A recent study determined that the global construction market is set to grow by eight trillion dollars by 2030, with the primary growth driven by China, India, and the United States. Might it be possible to meet society's needs for new homes and buildings without continuing to extract enormous amounts of raw materials?
Why Shift to a Circular Economy in Construction?
Nicolas Cruaud is the president of Néolithe, an innovative company that is creating gravel, stone, and other aggregates from non-recyclable waste. According to Cruaud, over 30 million tons of primarily un-recyclable waste is either landfilled or incinerated waste each year in France. This waste is responsible for 6 percent of greenhouse gas emissions. At the same time, around 400 million tons of aggregate (sand, gravel, crushed stone, etc.) is mined and used each year in France for construction purposes.
Recycled Aggregates Are Moving Circular Construction Forward
Néolithe has developed a way to treat non-recyclable waste and turn it into an aggregate used for construction. Following the circular construction model, this process keeps non-recyclable waste out of landfills or incinerators. It also reduces the need for further mining of construction aggregates, which are a finite resource and require enormous energy expenditures to mine and transport.
Neolith takes products at the end of the recycling chain (such as plastics) and mimics nature by turning waste into a small stone. This "fossilization" process is similar to what nature does with its waste. The resulting fossilized plastic waste, called anthropocite by the company, can be used for building roads or for any other concrete use. Moreover, instead of transporting plastic waste long-distance, Cruaud mentions the "fossilized machines" allow for relocation of waste management. Companies or communities can purchase or rent a machine to transform and revalue its problematic waste.
What Are Challenges to Reaching a Circular Economy in Construction?
Even though the circular construction model offers several clear-cut advantages, the speakers at the ChangeNow conference agreed that there are several challenges to its widespread adoption in construction and real estate. However, Sébastien Duprat, the CEO of Cycle-up, says that circular construction materials can create value for users by helping them get better prices. But, he believes that there is a lack of awareness and knowledge about the opportunities that circular construction materials present.
"Builders and real estate developers need to be trained…so that they discover that circularity is a real opportunity for their project," he says.
Similarly, Pascal Eveillard, the Sustainable Business Development director of Saint-Gobain, believes that changing to a circular construction model will not be easy. He said:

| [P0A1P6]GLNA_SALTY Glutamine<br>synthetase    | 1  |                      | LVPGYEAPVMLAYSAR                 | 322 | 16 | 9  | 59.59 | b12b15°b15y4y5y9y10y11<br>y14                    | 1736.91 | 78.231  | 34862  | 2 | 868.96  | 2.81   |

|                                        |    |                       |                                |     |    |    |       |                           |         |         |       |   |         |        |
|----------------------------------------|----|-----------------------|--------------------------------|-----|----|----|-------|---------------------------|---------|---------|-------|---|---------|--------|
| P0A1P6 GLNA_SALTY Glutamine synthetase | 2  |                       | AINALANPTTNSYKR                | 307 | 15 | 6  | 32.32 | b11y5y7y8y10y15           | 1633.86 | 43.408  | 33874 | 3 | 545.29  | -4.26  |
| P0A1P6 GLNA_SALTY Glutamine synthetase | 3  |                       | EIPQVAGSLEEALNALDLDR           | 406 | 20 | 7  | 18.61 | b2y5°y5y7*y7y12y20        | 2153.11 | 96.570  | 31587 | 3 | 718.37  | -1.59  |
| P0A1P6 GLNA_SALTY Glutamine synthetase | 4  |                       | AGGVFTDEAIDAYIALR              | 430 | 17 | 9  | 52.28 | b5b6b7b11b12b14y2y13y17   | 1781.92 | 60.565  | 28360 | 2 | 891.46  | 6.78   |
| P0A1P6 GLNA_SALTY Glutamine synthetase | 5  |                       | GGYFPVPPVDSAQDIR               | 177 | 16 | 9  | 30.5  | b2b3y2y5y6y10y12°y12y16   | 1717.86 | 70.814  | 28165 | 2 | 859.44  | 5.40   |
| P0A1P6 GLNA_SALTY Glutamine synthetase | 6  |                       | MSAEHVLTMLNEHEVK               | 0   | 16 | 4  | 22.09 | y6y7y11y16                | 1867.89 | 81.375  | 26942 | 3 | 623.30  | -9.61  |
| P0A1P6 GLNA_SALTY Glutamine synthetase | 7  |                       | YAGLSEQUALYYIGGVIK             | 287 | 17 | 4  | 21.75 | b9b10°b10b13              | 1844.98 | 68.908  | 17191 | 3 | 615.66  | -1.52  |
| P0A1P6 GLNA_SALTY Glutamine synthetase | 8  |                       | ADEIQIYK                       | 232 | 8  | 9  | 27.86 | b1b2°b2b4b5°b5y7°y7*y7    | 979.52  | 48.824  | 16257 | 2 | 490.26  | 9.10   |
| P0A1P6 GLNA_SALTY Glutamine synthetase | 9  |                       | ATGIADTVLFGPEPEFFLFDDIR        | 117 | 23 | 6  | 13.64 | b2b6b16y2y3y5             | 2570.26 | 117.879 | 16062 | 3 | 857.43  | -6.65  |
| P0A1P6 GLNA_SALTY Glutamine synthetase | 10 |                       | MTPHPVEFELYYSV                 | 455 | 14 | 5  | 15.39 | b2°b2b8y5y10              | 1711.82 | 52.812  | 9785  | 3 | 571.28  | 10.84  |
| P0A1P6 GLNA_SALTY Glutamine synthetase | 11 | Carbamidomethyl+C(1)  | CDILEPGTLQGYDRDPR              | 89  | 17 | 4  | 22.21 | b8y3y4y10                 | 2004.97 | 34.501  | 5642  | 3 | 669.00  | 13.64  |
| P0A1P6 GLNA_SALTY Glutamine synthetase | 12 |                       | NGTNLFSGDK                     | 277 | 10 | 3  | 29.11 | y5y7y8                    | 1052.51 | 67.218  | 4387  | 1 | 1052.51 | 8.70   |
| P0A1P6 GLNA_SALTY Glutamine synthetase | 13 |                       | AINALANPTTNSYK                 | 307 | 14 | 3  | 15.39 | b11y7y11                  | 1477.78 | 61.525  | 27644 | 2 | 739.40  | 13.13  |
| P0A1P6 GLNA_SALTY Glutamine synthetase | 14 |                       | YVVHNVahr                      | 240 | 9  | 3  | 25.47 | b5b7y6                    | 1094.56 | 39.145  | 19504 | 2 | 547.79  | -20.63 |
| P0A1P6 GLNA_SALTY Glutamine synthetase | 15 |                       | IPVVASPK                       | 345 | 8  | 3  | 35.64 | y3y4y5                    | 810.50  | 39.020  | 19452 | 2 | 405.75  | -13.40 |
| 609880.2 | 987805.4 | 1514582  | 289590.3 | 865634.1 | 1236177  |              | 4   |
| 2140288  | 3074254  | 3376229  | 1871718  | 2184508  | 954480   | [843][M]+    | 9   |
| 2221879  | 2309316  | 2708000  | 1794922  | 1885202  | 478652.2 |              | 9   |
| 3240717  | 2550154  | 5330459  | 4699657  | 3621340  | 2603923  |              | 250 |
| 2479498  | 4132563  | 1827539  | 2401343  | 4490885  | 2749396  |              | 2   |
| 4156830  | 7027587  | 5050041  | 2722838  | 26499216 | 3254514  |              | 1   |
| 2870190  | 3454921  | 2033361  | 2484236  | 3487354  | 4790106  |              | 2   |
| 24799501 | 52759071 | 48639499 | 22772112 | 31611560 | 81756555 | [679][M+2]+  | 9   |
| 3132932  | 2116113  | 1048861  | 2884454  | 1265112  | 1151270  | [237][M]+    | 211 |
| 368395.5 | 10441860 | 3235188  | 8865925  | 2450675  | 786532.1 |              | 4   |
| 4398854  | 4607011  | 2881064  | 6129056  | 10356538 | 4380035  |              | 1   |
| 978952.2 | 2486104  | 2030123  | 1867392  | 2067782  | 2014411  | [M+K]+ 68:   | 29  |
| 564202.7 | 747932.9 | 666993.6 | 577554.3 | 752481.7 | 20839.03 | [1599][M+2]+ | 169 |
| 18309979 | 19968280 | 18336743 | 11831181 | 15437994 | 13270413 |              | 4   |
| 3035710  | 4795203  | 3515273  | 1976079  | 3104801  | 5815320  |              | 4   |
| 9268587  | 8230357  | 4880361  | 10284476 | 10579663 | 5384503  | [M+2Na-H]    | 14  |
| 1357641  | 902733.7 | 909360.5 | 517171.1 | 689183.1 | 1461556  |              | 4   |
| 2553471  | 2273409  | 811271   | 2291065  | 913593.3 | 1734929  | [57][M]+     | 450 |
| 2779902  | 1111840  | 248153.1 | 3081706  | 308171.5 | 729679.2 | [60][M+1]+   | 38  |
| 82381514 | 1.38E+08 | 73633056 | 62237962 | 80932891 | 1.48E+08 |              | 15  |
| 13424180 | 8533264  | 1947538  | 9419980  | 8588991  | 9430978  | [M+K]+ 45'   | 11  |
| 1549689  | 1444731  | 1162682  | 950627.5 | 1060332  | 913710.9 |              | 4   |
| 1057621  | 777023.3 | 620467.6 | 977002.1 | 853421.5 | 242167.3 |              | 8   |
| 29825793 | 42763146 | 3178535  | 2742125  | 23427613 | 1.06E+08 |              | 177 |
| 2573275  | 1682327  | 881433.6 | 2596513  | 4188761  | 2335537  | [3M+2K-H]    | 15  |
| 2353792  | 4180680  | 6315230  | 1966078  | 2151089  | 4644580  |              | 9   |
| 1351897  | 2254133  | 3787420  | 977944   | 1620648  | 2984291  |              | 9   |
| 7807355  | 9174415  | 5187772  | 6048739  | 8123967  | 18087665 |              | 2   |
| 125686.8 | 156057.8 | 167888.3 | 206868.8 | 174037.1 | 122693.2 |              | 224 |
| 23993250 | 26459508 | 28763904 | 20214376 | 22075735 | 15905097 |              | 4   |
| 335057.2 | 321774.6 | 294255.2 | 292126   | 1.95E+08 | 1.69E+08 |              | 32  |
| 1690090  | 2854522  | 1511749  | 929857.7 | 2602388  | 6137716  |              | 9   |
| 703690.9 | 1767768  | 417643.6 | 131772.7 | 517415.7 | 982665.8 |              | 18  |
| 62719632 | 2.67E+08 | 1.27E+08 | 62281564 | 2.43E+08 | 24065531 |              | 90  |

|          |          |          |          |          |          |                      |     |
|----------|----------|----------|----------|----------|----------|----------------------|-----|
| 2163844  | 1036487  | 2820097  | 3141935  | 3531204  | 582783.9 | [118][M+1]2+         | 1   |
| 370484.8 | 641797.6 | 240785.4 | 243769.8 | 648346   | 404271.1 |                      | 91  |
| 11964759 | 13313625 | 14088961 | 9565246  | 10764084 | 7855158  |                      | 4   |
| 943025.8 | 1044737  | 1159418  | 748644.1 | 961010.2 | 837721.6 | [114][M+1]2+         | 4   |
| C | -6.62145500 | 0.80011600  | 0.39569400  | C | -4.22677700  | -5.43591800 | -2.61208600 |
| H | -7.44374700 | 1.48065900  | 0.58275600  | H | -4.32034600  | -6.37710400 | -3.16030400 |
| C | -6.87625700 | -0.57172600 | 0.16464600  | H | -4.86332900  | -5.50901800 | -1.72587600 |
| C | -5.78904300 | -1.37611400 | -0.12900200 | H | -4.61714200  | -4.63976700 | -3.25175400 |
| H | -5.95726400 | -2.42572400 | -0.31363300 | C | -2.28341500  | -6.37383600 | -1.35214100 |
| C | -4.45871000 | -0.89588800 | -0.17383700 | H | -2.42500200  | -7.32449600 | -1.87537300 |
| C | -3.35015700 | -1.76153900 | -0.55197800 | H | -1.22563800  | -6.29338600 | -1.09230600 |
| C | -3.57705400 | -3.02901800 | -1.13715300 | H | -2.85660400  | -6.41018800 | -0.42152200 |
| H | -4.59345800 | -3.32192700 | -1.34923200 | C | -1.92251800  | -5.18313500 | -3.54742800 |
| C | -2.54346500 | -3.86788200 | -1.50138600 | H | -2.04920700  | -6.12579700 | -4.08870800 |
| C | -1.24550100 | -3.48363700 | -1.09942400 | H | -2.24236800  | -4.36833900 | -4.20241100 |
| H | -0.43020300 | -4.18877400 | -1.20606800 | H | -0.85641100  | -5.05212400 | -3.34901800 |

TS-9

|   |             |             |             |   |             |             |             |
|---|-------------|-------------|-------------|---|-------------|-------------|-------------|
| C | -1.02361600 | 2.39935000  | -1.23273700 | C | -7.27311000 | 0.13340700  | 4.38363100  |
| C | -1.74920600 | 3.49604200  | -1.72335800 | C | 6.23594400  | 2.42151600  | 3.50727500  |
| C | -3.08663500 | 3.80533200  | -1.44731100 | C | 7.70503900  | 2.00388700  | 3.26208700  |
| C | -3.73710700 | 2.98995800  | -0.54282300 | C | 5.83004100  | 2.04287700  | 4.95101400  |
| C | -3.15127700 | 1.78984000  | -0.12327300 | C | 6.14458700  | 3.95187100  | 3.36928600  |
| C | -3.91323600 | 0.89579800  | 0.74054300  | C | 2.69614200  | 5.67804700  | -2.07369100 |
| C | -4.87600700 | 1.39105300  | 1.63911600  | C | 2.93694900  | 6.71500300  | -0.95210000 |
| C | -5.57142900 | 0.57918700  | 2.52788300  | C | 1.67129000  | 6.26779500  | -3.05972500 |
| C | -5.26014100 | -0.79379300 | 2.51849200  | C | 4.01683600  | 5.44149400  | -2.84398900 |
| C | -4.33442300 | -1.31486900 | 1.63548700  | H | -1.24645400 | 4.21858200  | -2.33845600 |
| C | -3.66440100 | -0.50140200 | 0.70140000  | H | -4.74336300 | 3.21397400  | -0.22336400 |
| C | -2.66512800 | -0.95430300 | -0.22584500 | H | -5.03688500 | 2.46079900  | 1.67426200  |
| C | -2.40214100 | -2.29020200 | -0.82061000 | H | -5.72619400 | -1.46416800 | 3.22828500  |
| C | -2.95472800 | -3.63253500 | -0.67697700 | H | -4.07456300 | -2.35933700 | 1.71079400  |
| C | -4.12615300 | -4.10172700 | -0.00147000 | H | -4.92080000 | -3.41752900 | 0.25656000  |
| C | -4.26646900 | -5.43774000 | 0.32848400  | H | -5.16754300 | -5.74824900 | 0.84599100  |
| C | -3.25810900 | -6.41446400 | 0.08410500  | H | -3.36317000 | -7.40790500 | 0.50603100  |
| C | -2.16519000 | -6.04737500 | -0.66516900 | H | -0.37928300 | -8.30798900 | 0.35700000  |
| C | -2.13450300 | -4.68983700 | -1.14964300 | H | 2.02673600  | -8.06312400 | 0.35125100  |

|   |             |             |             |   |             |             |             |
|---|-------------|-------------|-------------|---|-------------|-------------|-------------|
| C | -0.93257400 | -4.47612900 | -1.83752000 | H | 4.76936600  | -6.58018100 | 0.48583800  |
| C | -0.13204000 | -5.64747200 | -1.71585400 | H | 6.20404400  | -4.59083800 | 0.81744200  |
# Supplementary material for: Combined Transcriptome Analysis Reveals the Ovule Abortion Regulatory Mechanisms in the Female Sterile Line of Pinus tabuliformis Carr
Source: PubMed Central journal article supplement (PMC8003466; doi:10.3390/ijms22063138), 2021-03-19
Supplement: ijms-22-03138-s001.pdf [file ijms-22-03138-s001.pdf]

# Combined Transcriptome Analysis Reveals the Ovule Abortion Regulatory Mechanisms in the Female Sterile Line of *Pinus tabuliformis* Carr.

"We will have to change the whole value chain from the designer to the inspector so that everyone is engaged in thinking and designing and building in a different way. Circularity in construction represents a whole new ecosystem and a new way of thinking."
Eveillard also believes that there needs to be a focus on training small contractors and distribution outlets. "The building sector is made up of small companies, and this makes it difficult to convert to circular economy model quickly."
All speakers also believed that new regulations would be vital to promote a circular construction model.
"If we want to move the market to more circularity, we need better regulations," Eveillard says. "If we leave the market alone, just 5 to 25 percent of builders will change. Regulation needs to be explained to all stakeholders, and there is a huge need for training and to optimize the design."
Cruaud also believes that increased regulation could present an opportunity for advancing circular building materials. "We offer the same price as current waste services and raw aggregate materials," he says, "but we can't change the market on our own. We need to convince clients to give us their waste…and make owners of construction companies aware of the circular alternatives."
Despite these challenges, Cruaud is confident that most stakeholders are more than willing to transition into a circular construction model. "We don't have enemies in the construction sector as most people want to reduce their footprint," he says. "Even with the quarry owners, they know they have limited resources, and our project can allow their stone quarry products to be used for higher-value things."
Though still a marginal player in the construction industry, the circular economy model should continue to make significant strides in the coming years.Disclaimer: This article does not constitute a product endorsement however Rise does reserve the right to recommend relevant products based on the articles content to provide a more comprehensive experience for the reader.Last Modified: 2021-07-10T03:43:21+0000